1. April 30, 2012 at 11:02 AM

    Clay Keller wrote: “I would submit that encrypted transmission of PAN data should be required over internal networks unless there is a compelling reason to do otherwise.”

    I agree, but this isn’t the only issue–if there is a cardholder environment that is open to the WAN, then the provider potentially has access to it, and if an MPLS configuration error were to, say, put another customer’s site into your internal network, that site would have access. So cardholder environments should not only be firewalled from the Internet, they should be firewalled from the rest of the internal network. With those two steps, the public or private question about MPLS becomes irrelevant.

    The FAQ answer’s focus on whether the IP addresses used are public or private IP space is something of a red herring–what is relevant is whether those addresses are reachable from the Internet without passing through a firewall first, not whether they are RFC 1918 addresses or allocated from public space.

    • April 30, 2012 at 4:22 PM

      “… what is relevant is whether those addresses are reachable from the Internet without passing through a firewall first …”

      Exactly the problem. With MPLS, whether or not RFC 1918 addressing is used is irrelevant. I have seen MPLS configurations with Internet routeable, “public” IP addresses assigned by ARIN to a carrier as well as configurations using 10.x.x.x and 172.16-31.x.x IP addresses (i.e., RFC 1918 compliant). Both are technically just as secure as the other as long as there is no path to/from the Internet. But that does not require a firewall as all you need is a properly configured router with no external network routes defined.

      The bottom line in this discussion of MPLS privacy is that you are relying on the carrier to ensure that privacy and whether that is a rational position for an organization to take. The risk is that a carrier technician makes a mistake on the routing of your circuit, accidentally makes a path to the Internet and the party is over. While that sort of accident seems far fetched, what I have seen happen is the technician fat fingers an IP address or mis-reads his work order for a route and that route ultimately leads to the Internet.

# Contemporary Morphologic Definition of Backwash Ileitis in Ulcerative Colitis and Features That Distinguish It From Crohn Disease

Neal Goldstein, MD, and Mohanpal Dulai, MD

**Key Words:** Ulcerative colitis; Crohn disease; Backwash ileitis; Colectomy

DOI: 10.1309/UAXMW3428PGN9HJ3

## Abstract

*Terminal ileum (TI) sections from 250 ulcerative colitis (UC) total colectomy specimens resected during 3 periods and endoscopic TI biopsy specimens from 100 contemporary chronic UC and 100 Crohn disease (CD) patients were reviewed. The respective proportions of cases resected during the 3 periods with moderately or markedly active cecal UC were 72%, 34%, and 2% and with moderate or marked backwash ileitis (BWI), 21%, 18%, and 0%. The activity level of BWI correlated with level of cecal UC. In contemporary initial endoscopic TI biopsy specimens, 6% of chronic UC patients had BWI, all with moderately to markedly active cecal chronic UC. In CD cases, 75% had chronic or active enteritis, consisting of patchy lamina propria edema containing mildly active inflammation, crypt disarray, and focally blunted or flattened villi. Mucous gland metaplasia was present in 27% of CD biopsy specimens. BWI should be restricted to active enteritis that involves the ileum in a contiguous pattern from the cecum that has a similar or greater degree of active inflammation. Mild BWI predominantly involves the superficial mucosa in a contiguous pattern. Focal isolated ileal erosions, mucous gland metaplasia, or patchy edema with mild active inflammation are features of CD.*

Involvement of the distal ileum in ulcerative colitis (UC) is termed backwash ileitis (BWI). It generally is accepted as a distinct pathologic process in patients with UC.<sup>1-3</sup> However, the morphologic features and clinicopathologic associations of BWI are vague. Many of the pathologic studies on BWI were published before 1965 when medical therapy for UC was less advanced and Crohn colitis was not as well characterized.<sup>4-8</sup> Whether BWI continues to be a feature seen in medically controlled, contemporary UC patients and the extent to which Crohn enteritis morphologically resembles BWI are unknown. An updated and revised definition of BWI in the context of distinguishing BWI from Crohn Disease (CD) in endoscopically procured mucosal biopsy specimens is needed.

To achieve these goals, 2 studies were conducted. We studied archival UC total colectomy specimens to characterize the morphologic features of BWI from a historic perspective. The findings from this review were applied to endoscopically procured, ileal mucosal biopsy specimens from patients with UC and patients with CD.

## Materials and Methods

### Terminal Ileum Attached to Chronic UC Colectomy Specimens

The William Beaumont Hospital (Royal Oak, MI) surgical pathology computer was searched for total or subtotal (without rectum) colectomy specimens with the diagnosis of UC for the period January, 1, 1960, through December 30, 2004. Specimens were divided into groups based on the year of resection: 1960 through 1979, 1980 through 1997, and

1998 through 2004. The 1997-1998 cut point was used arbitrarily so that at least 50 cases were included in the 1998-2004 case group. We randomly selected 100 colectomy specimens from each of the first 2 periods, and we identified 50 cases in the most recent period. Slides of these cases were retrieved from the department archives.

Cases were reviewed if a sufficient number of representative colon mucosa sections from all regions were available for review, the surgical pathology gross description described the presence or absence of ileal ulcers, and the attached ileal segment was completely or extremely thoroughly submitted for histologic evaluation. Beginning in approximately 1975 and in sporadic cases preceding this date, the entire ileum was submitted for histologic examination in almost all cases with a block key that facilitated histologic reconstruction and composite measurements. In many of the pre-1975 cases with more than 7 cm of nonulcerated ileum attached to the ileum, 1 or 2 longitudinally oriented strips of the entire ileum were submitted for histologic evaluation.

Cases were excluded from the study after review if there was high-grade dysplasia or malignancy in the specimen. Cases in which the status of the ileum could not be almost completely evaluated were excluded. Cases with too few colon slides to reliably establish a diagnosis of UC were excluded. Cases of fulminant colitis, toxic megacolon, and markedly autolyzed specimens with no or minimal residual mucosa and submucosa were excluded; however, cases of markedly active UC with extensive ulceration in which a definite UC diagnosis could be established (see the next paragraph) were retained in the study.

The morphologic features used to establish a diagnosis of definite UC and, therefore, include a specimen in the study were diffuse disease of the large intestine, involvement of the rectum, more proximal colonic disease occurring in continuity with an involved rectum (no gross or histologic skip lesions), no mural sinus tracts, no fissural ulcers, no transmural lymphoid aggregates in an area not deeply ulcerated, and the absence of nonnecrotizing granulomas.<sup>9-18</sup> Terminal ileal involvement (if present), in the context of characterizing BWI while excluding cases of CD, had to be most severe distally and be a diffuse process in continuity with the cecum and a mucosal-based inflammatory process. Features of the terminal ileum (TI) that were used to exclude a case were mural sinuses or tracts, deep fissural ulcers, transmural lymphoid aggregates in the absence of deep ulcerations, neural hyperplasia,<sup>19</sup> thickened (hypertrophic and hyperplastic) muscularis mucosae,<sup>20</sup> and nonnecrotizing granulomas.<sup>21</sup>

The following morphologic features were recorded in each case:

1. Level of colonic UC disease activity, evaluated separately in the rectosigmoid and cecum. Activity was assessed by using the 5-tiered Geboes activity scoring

This is why the PCI SSC and card brands are saying, if you feel MPLS presents a risk because of the co-mingling of network traffic, then encrypt your transmissions over MPLS. However, that is optional because MPLS is considered as private as ATM, Frame Relay and similar telecommunication transmission protocols.

  2. 3 Paul Powenski
    April 28, 2011 at 8:28 AM

    Great to see the wide range of MPLS issues being addressed. I have had similar experiences with carriers ( I was even working for one who refused to describe how the MPLS network was ‘secure’ ) to describe any specifics of their networks. Due to regulations in regions and fall back capabilities several carriers can be involved in transiting data across the network between areas. ATM and Frame relay at least have multiplexing technologies which split the data payload and is constantly changing the channelization due to the algorithm being used to transport the data. This at least provides some data obscuring facility. Reassembling a Frame or ATM data stream is much more difficult than IP packets. This is one of the key differences with MPLS and ATM the IP frame remains intact from source to destination and is much easier to decode than frame relay and ATM as the data travels across the network.

    There is the argument that the MPLS data is mux’d at various transport stages as well and this is correct BUT a considerable amount of data travelling around the core is not multiplexed. Reconfiguring a MPLS stub router, edge router, or creating a new mesh, stub, end point network connection has become vastly simplified with MPLS vs. ATM or frame relay which required more work.

    It is perplexing why the protocol implementers provide NO mechanism within the MPLS protocol or routing software to enforce registering each network segment so that the network could be validated by it’s registration reducing the need for home brewed router robots to constantly check configurations ensuring the integrity of the network is intact.

    If there was inherit measures within the MPLS protocol which ensures the ‘privacy’ is maintained by registration I would be much more emeanable to accepting MPLS is private.

    For me MPLS has a degree of privacy but is NOT PRIVATE.

  3. April 22, 2011 at 2:23 PM

    I would submit that encrypted transmission of PAN data should be required over internal networks unless there is a compelling reason to do otherwise. I think it is only a matter of time until that is required. I know the council has to focus on the big issues first.

    However, like you say, all it will take is to “have a breach in the MPLS cloud”. Then “MPLS will no longer be automatically considered private and encryption will be required.”

    Most of the US telecom carriers seem to do a pretty good job on their security and router configs, but I’ve seen international carriers that are very suspect..